The Chinese vessel, also known as CCG 5204, was equipped with a machine gun mounted on the front. The country’s coast guard claimed the gun was only intended to be used as a defence against pirates, according to Phil Star News journalist Patrivia Viray.
Now, authorities in Jakarta, Indonesia’s capital, are speaking out against what they see as an intrusion into their waters.
The ship, however, said it was patrolling within territories owned by China.
Indonesian ambassador Teuku Faizasyah said in a statement: “The Ministry re-emphasised to the Chinese representative that there’s no overlapping between Indonesia’s exclusive economic zone and China’s waters.”
The boat was expelled from the area on Monday following a heated argument with Indonesian authorities via radio, the South China Morning Post reports.
It was then escorted away while Indonesian patrol boats followed it at around midday.
Wisnu Pramandita, a spokesman for Indonesian marine security agency Bakamla, told This Week in Asia it “firmly rejected” Chinese claims the boat had been operating within China’s waters.
He added the area is within Indonesia’s economic exclusive zone (EEZ).
It is not clear when the boat first entered the disputed area, though it was first spotted on Saturday.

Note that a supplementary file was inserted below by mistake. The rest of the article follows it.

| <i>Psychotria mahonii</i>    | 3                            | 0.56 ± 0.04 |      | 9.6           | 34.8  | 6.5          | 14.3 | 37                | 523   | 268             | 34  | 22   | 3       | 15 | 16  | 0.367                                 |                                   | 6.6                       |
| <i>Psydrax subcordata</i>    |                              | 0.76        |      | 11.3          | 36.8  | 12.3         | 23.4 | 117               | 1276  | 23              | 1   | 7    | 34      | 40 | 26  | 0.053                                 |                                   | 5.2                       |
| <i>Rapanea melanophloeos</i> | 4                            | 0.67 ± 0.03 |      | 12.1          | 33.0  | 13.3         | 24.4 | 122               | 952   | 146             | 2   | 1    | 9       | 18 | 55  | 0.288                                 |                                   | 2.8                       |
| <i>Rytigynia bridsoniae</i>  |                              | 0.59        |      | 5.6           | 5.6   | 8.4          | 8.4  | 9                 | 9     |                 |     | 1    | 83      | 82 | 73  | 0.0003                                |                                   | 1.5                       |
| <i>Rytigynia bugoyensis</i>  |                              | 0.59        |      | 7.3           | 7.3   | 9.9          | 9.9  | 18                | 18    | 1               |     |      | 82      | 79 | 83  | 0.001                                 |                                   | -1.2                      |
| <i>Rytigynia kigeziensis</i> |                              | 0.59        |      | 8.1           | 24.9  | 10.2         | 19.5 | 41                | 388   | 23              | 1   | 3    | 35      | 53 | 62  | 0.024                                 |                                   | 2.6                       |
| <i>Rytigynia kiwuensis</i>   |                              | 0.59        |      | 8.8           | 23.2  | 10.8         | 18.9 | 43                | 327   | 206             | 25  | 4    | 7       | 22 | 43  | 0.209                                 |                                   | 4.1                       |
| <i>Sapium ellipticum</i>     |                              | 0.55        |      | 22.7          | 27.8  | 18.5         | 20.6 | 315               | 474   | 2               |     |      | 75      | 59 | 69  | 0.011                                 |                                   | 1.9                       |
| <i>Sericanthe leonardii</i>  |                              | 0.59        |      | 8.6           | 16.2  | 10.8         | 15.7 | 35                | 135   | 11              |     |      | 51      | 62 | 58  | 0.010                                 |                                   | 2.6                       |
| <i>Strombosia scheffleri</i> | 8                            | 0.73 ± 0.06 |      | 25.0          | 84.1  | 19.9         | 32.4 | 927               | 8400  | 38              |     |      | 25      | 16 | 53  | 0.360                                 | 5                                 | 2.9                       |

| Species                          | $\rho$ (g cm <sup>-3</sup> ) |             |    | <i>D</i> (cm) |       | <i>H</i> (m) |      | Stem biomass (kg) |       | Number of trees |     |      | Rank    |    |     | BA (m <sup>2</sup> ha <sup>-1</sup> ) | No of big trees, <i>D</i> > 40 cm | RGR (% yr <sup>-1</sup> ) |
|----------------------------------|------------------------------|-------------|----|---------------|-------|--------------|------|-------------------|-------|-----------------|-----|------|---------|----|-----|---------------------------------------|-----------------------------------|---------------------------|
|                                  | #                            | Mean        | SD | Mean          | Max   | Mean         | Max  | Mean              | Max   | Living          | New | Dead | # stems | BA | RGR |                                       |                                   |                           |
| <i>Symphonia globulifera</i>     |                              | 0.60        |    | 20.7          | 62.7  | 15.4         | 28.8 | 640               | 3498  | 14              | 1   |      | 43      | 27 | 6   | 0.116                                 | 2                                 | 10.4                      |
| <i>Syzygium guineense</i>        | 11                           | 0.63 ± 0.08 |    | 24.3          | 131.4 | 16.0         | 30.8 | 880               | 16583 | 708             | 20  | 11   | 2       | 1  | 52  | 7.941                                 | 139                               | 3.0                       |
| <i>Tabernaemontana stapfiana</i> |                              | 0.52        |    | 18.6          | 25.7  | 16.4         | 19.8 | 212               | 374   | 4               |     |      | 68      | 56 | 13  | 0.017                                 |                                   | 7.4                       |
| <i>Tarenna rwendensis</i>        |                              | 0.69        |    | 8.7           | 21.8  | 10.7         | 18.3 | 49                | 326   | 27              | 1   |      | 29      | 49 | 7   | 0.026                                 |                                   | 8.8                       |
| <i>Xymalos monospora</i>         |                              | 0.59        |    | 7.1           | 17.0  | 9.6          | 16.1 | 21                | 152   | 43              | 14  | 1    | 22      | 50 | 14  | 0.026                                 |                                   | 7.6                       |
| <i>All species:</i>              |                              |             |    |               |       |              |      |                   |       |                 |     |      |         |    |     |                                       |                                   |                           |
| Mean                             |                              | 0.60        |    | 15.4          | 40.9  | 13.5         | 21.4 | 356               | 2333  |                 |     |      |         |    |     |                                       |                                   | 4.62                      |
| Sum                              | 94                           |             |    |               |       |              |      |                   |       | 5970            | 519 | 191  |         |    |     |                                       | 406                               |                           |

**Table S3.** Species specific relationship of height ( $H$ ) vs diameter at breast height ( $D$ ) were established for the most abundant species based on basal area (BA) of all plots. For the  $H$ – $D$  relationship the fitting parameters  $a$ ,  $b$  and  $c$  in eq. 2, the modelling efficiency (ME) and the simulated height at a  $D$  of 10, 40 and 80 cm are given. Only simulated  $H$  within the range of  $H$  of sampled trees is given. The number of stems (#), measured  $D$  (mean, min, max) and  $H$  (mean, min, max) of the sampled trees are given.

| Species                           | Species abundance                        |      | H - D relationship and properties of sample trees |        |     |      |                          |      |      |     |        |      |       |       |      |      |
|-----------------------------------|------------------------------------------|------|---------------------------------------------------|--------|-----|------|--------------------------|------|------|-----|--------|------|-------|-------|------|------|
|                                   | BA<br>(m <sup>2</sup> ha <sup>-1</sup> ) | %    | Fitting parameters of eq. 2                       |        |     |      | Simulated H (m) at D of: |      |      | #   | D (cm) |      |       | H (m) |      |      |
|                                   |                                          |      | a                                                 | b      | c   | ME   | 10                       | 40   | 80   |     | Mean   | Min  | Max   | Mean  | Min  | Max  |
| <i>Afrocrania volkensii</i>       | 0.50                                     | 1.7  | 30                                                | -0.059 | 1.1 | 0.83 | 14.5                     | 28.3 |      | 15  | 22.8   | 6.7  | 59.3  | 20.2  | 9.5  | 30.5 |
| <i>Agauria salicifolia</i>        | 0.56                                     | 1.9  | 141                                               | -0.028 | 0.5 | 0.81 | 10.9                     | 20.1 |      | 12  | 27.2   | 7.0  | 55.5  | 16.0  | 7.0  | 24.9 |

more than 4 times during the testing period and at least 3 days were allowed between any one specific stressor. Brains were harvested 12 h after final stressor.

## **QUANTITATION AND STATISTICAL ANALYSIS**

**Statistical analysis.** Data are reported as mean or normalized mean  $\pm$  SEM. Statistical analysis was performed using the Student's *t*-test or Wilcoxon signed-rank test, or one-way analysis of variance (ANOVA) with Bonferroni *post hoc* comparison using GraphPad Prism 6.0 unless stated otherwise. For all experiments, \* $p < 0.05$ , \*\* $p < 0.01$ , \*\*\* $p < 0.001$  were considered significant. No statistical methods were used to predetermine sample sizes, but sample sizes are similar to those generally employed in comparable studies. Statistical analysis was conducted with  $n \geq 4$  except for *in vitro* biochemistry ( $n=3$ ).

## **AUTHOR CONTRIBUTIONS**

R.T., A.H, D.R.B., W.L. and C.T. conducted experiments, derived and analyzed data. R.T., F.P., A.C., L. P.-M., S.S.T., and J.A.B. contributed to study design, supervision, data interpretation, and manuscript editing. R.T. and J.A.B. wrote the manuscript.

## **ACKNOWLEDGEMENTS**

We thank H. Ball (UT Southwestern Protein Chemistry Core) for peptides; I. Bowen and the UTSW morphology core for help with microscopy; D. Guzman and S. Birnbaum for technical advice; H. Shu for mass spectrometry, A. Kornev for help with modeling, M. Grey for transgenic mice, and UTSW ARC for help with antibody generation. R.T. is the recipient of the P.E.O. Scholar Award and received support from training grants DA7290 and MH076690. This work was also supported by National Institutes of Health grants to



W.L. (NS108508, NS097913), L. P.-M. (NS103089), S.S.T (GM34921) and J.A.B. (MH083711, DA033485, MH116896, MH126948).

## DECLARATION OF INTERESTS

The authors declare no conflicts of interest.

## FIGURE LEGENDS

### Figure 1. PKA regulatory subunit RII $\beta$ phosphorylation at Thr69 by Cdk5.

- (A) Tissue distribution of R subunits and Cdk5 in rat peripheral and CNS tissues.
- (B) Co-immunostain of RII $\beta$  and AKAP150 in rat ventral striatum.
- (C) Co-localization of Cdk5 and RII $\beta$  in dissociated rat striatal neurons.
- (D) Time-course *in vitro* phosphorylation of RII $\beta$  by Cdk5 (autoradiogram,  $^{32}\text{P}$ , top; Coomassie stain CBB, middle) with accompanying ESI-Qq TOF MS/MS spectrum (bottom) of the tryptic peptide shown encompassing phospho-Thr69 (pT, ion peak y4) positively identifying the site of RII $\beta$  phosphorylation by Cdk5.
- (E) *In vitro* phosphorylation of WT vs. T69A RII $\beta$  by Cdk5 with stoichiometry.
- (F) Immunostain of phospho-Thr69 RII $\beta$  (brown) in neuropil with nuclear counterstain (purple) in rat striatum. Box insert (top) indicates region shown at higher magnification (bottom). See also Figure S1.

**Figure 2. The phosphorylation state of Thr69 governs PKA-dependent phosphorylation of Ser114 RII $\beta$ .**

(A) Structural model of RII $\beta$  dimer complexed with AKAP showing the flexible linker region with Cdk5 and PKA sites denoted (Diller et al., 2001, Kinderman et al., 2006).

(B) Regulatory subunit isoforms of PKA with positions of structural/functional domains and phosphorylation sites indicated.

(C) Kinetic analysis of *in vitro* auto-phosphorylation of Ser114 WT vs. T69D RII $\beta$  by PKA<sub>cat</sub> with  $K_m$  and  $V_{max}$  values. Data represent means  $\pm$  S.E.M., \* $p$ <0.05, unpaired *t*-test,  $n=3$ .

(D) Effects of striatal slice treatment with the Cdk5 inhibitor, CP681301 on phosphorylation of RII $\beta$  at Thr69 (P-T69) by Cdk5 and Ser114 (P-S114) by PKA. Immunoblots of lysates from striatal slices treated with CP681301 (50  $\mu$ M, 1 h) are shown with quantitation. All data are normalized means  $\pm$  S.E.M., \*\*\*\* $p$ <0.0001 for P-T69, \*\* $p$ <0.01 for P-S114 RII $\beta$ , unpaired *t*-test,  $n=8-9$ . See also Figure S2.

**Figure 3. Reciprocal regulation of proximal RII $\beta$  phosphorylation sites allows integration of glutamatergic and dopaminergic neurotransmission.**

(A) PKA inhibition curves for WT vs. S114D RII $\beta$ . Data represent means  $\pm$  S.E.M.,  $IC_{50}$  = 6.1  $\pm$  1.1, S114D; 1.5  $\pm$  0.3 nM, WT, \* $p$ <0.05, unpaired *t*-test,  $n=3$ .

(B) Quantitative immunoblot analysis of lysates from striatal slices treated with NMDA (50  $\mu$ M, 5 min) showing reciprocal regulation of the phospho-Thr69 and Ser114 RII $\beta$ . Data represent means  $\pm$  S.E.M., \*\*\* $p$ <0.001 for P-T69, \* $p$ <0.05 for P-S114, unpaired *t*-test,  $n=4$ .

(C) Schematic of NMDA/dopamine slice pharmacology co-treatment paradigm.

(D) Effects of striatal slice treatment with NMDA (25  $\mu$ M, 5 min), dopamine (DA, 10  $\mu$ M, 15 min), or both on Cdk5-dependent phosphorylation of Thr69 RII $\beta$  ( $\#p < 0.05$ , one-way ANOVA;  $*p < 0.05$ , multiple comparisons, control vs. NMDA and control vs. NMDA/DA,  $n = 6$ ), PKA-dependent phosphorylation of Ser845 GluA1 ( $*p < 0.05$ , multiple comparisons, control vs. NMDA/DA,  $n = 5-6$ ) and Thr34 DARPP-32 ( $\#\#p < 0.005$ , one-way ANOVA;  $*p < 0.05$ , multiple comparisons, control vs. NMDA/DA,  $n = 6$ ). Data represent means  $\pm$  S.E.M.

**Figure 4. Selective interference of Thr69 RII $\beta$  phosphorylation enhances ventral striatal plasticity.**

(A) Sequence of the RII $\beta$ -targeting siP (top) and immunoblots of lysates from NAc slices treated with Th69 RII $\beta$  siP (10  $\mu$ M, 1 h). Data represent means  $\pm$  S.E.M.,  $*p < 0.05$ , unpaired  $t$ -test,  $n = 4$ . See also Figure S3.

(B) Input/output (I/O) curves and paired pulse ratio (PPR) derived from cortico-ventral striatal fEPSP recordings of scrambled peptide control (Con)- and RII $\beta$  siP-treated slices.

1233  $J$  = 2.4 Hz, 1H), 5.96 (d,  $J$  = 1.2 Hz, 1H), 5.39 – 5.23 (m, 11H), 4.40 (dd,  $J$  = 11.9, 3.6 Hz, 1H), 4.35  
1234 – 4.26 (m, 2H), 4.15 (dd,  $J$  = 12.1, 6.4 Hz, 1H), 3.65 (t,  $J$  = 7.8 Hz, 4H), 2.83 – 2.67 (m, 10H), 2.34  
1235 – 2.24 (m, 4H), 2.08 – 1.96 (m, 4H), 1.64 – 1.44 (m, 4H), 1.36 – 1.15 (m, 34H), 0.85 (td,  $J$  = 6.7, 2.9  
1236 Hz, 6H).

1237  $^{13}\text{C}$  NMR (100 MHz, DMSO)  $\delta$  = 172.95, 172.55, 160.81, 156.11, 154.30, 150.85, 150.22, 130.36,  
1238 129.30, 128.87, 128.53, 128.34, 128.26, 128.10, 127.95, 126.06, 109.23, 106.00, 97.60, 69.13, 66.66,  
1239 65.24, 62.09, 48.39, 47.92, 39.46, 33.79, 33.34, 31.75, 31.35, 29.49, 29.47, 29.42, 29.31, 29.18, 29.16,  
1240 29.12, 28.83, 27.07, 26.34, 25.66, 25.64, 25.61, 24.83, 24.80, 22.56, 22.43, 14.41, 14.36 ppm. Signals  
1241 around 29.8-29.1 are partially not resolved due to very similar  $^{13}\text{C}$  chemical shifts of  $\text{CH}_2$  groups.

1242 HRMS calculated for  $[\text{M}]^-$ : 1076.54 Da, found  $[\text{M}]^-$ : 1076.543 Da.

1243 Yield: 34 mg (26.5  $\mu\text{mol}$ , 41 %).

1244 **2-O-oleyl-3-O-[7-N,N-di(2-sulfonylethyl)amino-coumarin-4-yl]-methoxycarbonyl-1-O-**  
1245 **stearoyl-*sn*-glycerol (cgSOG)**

READ: China punishes Australia signalling dire warning over trade
However, its claims to the South China Sea go back hundreds of years prior, though these are heavily contested.
In recent months, both Australia and the US have firmly rejected China’s claims to the region.
The Australian government said in a statement in July: “Australia rejects China’s claim to ‘historic rights’ or ‘maritime rights and interests’ as established in the ‘long course of historical practice’ in the South China Sea.
“The Tribunal in the 2016 South China Sea Arbitral Award found these claims to be inconsistent with UNICLOS [the 1982 United Nations Convention on the Law of the Sea] and, to the extent of that inconsistency, invalid.”
Chinese government media outlet The Global Times responded by publishing an article in conjunction with Zhou Fangyin, a professor at the Guangdong Research Institute for International Strategies.
It blasted Australia for “following the US lead in confronting China” and “playing the South China Sea card”.
The article continues: “The relationship between China and Australia has now deteriorated to a very bad point, and the chance for a turnaround is slim in the near future.
“One of the main reasons is that Australia’s policy lacks independence, and its current choice is to closely follow the US lead.”